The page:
|Table Mountain aglow from our balcony|
|Harbourmaster's House. 1904|
|V&A Market's Alfred Mall|
|Yes, they have a ferris wheel|
|Made for John Lennon's death, and has been shown around the world|
|The Pinotage. There's also a Merlot.|
|Cheezy frames are scattered around the city.|
|The footbridge to the Clock Tower and Mandela Museum|
|Working fishing boats.|
|A movie set!|
The 45 minute ferry ride was fun, passing container ships and LNG tankers.
|The Glomar Penguin, last out of Tokyo in January|
|A slight rise in the ocean|
|The iconic Table Mountain|
|Note the pile of rocks on the right|
We saw where Robert Sobukwe was kept in solitary confinement – but with all the comforts of home, except being kept away from anyone else for 6 years, unable to speak to anyone. The guard dogs of the prison were kept next to his house.
He led us through the prison, explaining what prison life was like for the 4,000-odd political prisoners held on the island.
|Entering the prison|
|His cell block|
|Home to 60|
|His bunk was the corner bottom one|
|Glass was added in the late 1970's|
|Before the bunks? A mat and 2 blankets|
|The menu, one for blacks and one for coloureds|
|Mandela's outdoor courtyard. He grew tomatoes|
|Mandela's window onto the courtyard|
Mandela lived in this one cell -- with no bed, no toilet (that was the brown pot), no sink (that was the metal bowl) a thin pad and two blankets as a bed -- for 18 years. It’s 2 m by 3 m, which is smaller than my bathroom, and today, it's exactly the way it was when he was imprisoned there.
|Home for 18 years|
Mandela and the other leaders could only interact with other inmates on Saturday, sports day. The logic at the time was that by isolating the leaders, they couldn't influence others. In fact, by isolating the leaders, the leaders unified, and were able to better lead.
The downside to visiting Robben Island is that you can only do so on a bus tour. They used to let people on the island to wander around and discover the place for themselves (and there are interpretive signs all over), but people were taking souvenirs, damaging the buildings, and making a mess of the endangered animals that live on the island (like the terns, oystercatchers and penguins). So now, you take the ferry to the island, get on a bus, get escorted around on a guided tour, get escorted through the prison, then get on the ferry and go home. There’s not even time for lunch if you take the 11 AM ferry. Sigh.
|The prison entrance|
|The drawbridge swings...|
|...for a passing yacht|
|Tugs and fishing vessels come and go|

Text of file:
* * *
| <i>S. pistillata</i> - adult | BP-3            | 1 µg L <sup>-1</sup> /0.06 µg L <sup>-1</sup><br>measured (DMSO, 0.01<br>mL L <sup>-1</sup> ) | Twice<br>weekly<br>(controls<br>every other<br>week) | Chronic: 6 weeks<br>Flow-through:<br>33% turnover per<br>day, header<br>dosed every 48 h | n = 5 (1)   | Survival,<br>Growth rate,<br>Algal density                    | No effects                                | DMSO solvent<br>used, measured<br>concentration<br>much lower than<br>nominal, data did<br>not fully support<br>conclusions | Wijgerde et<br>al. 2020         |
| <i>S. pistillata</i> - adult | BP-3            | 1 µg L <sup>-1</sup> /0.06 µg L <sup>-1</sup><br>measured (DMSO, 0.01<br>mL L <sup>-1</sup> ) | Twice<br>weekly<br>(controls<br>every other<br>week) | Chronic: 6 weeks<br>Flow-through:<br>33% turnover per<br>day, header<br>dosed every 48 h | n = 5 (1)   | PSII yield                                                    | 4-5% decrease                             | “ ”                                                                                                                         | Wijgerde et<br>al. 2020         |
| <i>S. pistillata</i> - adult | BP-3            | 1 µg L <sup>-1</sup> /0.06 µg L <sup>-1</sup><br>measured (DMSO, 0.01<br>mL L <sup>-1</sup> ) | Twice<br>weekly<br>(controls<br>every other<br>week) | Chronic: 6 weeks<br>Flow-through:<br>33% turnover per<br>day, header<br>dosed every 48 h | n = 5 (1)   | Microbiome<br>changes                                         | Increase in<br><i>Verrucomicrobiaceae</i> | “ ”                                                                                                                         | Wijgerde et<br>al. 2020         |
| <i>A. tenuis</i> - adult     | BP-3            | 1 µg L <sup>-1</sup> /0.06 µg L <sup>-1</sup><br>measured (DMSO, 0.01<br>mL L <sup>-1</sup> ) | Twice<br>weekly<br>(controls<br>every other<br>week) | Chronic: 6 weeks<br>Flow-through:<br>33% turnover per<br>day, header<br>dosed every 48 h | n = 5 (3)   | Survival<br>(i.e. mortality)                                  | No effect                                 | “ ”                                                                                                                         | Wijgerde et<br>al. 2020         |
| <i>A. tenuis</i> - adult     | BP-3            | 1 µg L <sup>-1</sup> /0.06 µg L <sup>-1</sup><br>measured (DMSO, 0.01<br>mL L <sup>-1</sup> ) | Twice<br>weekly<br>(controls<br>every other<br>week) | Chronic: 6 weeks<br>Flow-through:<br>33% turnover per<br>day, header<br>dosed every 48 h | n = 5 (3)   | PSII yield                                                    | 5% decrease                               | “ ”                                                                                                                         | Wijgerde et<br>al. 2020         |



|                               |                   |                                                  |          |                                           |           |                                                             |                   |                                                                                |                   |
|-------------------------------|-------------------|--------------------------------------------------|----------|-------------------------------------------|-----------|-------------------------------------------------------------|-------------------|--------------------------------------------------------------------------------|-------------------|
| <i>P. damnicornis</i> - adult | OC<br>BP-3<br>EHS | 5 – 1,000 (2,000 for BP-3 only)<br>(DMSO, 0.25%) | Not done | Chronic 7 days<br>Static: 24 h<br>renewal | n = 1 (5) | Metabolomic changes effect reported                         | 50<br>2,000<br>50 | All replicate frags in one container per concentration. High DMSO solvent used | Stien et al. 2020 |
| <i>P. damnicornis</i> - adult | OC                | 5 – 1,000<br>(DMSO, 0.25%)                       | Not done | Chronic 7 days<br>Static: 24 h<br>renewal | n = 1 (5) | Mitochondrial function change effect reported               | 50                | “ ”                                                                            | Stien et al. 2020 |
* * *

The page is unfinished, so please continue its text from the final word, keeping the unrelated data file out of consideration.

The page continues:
|A baby cannon|
|Ever-present Table Mountain|
The Waterfront area has a couple of awesome modern buildings from an architectural perspective. The first is the Water Shed, a modernized old dock building transformed into a spectacular indoor market, with small stall spaces for retailers.
|Former dock cranes juxtapose with new architecture|
|A new and as yet unfinished 2nd floor|
|View to the stalls below|
|The open air mall|
|The view down the 2nd floor|
|The inside, or at least, a small part of it. It smelled great|
|The top floor of one of the 6 wings|
|A crew working outside in the drydock|
|They forgot to mention reconcilliation|
Today’s Africa Travel Tip: Security, Part 1
If you’re coming to Cape Town, which the article I read yesterday said was the 8th most dangerous city on the planet (this article ranks it #4, worse than Kabul and Mogadishu), you might be worried about security. Well, the Cape Town Central District has green clad “Public Security” staff at the rate of probably 2 guys per block in the downtown core. The V&A Waterfront has security every 200 m.
Generally, there are security guards everywhere. They guard the ATMs on the street, most every consequential building’s entrance, every mall, every market, and are everywhere. All nightclubs have them. Interestingly, few are armed. They all have radios and most have nightsticks.
Now, many don’t give you massive confidence that they’ll do much, but they’re there. They won’t stop the incessant street beggars (who, for the record, work one block each. You get pestered for a block, then cross the road, and a new guy starts). In fact, I’ve never seen a security guard do anything (which is probably good, actually). But if you need info, they’re good guys to ask.
More on what they do and don’t do in the next Africa Travel Tip.